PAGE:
In recent years, economists and business groups across the nation have begun to document the importance of early childhood education as an investment in economic development. In the last couple of years, for example, the Business Roundtable (representing America’s top 500 corporations), the committee for Economic Development (a 60-year-old national business group), and the Federal Reserve Bank of Minneapolis have issued reports demonstrating that high-quality Pre-k programs provide the best long-term investment for economic growth. In their words, the economic return “on investment from early childhood development is extraordinary.” Pre-K offers “greater potential returns and substantially less risk” than state subsidies and incentives that try to attract plant locations, company headquarters, office towers, entertainment centers or professional sports stadiums and arenas.

Head Start: The Misconceptions

A common misconception is that Head Start is available to all children growing up in poverty. Unfortunately, this is not the case. The income requirements to qualify for Head Start are very stringent, and many children in poverty do not qualify.

In 2009, a single parent with one child was required to have a gross income below $13,690/year to qualify for Head Start. So, if the single parent with one child made $13,700, the child did not qualify to attend Head Start. The income of a single parent with two children could not exceed $17,170 per year. It is probably safe to say that this parent’s income would not allow him/her to send the child to preschool. It is estimated that between 5,000 and 8,000 Mississippi children in each age group fall into this category. These are the kids who are falling through the cracks.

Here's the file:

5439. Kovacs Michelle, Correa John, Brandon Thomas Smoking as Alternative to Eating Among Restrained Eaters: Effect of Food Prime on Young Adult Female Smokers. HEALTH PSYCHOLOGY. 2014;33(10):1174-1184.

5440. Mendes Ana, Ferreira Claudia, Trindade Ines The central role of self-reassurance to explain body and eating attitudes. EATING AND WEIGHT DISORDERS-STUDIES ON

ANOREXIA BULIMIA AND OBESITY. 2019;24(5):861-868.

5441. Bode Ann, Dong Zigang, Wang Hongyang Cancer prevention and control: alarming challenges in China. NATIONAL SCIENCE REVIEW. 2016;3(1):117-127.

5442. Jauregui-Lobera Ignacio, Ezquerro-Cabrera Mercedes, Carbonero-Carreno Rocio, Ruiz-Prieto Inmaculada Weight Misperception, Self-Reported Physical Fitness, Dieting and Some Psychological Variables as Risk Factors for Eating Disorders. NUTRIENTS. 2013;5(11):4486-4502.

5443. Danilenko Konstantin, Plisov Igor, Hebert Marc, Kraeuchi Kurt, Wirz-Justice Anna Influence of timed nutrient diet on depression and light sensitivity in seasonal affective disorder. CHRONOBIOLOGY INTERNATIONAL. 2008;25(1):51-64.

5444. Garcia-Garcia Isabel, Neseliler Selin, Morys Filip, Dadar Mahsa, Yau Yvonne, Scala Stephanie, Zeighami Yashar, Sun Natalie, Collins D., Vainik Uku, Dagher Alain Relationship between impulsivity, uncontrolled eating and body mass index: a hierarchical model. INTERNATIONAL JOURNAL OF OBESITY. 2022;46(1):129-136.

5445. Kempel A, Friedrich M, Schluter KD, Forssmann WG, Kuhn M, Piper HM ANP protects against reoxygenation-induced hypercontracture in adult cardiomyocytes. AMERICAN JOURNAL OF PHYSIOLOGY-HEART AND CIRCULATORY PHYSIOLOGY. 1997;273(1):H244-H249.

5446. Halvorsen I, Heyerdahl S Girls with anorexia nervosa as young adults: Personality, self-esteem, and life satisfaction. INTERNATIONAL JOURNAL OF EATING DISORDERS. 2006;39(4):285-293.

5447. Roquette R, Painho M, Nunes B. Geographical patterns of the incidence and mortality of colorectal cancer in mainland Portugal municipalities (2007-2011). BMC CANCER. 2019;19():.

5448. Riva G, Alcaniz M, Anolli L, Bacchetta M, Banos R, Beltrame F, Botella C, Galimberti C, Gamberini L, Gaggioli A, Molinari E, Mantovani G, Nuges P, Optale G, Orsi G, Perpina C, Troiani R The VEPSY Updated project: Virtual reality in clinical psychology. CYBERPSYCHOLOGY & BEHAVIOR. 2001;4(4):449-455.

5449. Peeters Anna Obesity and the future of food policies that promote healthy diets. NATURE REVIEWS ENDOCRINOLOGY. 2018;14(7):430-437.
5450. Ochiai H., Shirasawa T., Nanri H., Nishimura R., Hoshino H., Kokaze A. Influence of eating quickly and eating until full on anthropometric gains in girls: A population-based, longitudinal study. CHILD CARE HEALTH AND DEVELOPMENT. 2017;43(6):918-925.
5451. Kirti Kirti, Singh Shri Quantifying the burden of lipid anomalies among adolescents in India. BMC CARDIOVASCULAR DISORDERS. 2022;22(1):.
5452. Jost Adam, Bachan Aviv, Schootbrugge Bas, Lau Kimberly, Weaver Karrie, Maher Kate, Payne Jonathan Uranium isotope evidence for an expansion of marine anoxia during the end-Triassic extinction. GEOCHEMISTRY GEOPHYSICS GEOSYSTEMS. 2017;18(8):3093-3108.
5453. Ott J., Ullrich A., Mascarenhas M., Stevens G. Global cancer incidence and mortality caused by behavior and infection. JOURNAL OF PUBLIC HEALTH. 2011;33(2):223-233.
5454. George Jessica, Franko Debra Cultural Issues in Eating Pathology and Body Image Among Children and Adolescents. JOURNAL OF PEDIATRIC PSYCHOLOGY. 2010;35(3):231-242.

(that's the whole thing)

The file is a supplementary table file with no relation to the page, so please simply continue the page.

Steps in the Right Direction

In 2009, Mississippi business leaders provided funding to launch Mississippi Building Blocks, a pilot early learning and development program that works with existing childcare centers to improve the school readiness of Mississippi children. The program is intended to provide the model for the statewide early learning plan. Click here to learn about other efforts to improve early learning in Mississippi.

Since the 2009 legislative session, the Legislature has allocated $3-million annually to improve the quality of private childcare centers. Legislation passed in the 2006 session expanded the Mississippi Child Care Quality Step System to provide incentives to programs that improve their quality, and a Statewide Child Care Resource and Referral System to provide information to parents and training for childcare providers. In 2010, the Legislature approved a bill making it possible for school districts to use any available resources to implement early learning programs in their school districts.


In an effort to better understand the challenges faced by Mississippi children who lack early learning or pre-k opportunities, The Parents’ Campaign in 2008 asked teachers, administrators, and parents to share with us their experiences with children who arrived in kindergarten behind their peers cognitively, socially, and verbally. See the stories.